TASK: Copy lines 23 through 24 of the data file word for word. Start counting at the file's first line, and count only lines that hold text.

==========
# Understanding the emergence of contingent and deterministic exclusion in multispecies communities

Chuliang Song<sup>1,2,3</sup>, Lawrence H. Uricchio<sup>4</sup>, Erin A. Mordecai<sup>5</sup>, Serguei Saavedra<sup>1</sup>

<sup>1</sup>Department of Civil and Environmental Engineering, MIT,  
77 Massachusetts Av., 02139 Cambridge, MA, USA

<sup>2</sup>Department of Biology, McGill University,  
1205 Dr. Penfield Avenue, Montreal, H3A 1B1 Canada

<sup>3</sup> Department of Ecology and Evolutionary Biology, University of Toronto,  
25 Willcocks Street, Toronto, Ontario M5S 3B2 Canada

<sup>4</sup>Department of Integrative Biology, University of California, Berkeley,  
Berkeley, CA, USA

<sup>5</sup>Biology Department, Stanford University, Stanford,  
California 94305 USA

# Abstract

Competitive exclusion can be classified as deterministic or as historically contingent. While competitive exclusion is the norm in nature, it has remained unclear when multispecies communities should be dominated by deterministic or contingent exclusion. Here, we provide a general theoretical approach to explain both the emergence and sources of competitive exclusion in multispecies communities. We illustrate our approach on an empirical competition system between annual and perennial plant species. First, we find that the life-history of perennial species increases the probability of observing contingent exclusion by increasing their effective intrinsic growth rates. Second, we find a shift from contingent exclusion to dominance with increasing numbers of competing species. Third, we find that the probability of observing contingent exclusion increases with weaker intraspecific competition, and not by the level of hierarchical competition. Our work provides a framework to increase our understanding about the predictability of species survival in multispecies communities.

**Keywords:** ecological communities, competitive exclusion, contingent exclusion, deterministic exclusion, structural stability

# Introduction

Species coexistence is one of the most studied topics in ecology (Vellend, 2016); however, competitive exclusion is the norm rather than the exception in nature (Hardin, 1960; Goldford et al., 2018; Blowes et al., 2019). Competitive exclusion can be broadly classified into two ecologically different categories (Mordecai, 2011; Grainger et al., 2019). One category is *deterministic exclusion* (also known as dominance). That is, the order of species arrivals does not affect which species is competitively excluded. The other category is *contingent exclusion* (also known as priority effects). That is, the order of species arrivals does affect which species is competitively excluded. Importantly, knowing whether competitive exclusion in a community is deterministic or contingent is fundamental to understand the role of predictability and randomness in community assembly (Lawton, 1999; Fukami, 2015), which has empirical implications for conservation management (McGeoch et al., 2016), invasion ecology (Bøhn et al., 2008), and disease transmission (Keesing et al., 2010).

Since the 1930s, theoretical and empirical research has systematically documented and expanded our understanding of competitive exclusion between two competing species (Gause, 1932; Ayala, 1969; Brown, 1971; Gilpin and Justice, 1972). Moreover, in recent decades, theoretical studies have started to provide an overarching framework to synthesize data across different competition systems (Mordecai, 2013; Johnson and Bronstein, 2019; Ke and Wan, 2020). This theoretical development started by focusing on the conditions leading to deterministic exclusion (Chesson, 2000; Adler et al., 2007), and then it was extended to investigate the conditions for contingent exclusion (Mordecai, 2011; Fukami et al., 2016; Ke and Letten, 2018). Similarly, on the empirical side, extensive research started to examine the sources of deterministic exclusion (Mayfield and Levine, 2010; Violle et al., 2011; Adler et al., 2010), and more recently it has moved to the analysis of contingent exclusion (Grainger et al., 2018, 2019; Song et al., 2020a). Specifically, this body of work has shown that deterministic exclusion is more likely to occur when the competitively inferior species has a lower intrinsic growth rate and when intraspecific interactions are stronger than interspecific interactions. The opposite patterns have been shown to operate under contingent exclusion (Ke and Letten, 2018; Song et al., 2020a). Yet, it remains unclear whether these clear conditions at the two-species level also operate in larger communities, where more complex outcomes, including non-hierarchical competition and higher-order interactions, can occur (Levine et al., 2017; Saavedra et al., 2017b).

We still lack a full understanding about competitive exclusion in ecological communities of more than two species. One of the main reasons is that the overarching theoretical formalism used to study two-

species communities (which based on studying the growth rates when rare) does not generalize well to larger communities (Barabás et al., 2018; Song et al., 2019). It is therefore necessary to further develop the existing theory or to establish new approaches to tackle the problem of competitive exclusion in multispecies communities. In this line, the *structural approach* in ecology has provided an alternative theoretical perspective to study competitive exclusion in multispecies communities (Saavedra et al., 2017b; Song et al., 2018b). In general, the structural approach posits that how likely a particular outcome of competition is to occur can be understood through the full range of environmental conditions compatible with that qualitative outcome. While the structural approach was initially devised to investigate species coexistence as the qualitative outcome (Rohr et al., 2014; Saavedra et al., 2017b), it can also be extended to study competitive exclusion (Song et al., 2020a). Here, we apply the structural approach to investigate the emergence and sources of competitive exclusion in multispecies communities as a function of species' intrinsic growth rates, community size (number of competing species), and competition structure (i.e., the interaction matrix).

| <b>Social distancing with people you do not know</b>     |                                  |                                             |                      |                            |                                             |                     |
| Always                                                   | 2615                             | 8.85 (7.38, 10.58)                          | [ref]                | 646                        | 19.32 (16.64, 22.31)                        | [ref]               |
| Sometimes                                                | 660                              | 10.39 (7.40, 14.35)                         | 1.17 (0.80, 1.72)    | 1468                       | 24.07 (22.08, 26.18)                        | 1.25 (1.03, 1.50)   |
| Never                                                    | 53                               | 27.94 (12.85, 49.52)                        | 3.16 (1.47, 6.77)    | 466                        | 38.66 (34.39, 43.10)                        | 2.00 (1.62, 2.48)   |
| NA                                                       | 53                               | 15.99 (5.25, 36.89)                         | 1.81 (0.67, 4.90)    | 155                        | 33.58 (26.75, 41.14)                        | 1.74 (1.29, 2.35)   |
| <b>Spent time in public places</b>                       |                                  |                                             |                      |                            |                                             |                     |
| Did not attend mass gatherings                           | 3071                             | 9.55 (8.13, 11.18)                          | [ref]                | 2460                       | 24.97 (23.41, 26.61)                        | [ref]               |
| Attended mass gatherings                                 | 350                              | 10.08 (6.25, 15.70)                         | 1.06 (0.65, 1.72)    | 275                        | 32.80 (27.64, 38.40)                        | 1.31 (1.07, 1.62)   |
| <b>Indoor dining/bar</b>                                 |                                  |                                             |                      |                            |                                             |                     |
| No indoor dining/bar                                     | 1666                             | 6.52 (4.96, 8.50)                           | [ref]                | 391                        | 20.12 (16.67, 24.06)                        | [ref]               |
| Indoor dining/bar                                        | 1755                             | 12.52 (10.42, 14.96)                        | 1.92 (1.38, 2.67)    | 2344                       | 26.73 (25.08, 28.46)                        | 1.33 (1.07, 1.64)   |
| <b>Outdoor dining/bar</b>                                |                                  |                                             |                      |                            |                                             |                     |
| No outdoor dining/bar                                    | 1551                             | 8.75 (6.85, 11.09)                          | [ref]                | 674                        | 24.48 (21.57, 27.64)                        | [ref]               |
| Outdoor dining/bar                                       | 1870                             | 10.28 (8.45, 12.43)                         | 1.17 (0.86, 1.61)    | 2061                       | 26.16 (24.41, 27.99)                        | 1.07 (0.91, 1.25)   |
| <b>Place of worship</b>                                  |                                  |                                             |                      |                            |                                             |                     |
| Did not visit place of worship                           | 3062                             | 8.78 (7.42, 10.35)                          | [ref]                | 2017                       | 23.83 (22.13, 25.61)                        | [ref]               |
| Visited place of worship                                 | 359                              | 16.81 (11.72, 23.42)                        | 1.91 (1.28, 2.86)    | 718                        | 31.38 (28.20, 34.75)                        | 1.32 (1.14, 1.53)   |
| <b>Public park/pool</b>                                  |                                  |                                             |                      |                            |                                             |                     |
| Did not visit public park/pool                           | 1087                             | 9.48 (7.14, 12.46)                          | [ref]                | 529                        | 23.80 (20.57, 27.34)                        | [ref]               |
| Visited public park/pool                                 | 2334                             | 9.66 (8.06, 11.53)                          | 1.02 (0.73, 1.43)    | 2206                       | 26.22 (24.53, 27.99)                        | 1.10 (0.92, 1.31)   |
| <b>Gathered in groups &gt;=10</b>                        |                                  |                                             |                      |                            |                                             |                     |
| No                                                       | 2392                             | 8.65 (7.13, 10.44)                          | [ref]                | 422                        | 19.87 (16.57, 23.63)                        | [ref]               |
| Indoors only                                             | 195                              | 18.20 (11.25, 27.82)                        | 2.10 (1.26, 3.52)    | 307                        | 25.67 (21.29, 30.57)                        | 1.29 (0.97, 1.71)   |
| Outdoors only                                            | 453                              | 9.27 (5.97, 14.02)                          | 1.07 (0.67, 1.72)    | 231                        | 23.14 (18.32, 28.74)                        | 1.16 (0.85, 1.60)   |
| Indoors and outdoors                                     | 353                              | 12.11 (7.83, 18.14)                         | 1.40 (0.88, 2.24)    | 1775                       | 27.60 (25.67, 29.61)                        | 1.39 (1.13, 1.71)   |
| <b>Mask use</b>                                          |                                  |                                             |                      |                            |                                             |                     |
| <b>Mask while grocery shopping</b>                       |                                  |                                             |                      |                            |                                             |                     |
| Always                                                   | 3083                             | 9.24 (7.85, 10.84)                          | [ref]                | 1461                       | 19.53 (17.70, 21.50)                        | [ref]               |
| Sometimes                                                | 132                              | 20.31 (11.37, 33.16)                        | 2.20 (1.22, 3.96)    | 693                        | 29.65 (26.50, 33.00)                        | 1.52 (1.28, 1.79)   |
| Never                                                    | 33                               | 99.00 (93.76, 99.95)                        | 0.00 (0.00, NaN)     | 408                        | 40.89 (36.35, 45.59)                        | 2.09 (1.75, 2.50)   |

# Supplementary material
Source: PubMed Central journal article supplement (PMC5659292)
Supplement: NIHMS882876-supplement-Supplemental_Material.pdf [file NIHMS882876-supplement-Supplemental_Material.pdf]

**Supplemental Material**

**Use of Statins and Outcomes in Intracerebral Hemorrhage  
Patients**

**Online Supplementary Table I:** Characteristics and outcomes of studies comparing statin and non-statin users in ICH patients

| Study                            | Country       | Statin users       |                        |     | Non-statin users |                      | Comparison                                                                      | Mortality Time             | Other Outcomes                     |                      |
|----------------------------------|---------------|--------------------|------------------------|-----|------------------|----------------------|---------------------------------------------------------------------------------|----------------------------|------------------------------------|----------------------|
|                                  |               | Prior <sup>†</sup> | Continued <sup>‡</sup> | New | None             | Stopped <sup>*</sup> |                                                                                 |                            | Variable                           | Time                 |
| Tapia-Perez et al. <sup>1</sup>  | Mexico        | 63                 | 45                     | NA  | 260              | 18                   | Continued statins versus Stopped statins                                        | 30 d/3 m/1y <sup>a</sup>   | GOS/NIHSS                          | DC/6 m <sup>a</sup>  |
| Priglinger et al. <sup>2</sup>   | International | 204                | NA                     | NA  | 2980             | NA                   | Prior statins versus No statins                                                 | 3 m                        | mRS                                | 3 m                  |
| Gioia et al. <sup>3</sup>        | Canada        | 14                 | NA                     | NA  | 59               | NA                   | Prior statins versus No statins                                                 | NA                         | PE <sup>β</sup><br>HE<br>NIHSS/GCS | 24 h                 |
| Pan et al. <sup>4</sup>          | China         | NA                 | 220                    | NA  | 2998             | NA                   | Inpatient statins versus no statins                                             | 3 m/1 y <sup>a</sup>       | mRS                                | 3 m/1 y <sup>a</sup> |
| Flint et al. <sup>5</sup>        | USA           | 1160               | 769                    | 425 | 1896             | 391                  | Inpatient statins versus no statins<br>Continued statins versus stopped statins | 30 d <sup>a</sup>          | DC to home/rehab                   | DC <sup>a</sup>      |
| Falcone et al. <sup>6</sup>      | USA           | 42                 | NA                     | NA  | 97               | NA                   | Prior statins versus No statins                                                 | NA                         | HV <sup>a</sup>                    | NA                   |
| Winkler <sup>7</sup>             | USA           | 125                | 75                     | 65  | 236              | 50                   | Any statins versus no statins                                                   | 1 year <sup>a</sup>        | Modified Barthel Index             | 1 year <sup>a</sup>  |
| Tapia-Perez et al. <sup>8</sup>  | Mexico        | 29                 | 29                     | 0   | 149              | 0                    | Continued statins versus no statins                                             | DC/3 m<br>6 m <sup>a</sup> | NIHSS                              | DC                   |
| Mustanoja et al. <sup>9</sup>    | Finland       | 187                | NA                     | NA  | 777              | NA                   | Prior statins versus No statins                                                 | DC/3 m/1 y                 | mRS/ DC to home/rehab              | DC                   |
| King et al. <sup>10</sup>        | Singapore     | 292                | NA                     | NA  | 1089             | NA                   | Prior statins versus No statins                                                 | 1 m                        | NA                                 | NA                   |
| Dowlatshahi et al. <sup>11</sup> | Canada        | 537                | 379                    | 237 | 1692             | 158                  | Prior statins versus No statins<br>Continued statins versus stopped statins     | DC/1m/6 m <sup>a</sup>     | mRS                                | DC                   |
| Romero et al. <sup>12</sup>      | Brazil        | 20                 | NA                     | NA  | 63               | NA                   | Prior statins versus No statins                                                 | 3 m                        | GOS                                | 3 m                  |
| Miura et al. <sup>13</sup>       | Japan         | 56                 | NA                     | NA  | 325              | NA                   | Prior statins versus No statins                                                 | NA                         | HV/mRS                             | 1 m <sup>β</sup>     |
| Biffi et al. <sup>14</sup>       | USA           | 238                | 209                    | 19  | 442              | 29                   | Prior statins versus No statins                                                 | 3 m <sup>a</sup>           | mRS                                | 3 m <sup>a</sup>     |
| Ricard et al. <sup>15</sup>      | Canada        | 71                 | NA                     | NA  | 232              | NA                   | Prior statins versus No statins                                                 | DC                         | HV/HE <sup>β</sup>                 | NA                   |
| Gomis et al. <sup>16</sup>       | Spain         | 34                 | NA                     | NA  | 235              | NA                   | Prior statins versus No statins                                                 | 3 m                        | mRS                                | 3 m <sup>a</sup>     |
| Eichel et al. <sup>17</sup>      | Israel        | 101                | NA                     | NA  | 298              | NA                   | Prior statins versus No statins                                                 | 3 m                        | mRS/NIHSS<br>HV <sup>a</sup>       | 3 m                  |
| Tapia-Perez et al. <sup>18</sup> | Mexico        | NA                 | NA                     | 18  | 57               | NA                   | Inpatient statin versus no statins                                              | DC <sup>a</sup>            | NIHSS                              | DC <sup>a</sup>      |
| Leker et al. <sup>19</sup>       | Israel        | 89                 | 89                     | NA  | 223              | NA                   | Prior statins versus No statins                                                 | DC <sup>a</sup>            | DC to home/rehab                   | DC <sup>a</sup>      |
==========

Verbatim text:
| Sometimes                                                | 660                              | 10.39 (7.40, 14.35)                         | 1.17 (0.80, 1.72)    | 1468                       | 24.07 (22.08, 26.18)                        | 1.25 (1.03, 1.50)   |
| Never                                                    | 53                               | 27.94 (12.85, 49.52)                        | 3.16 (1.47, 6.77)    | 466                        | 38.66 (34.39, 43.10)                        | 2.00 (1.62, 2.48)   |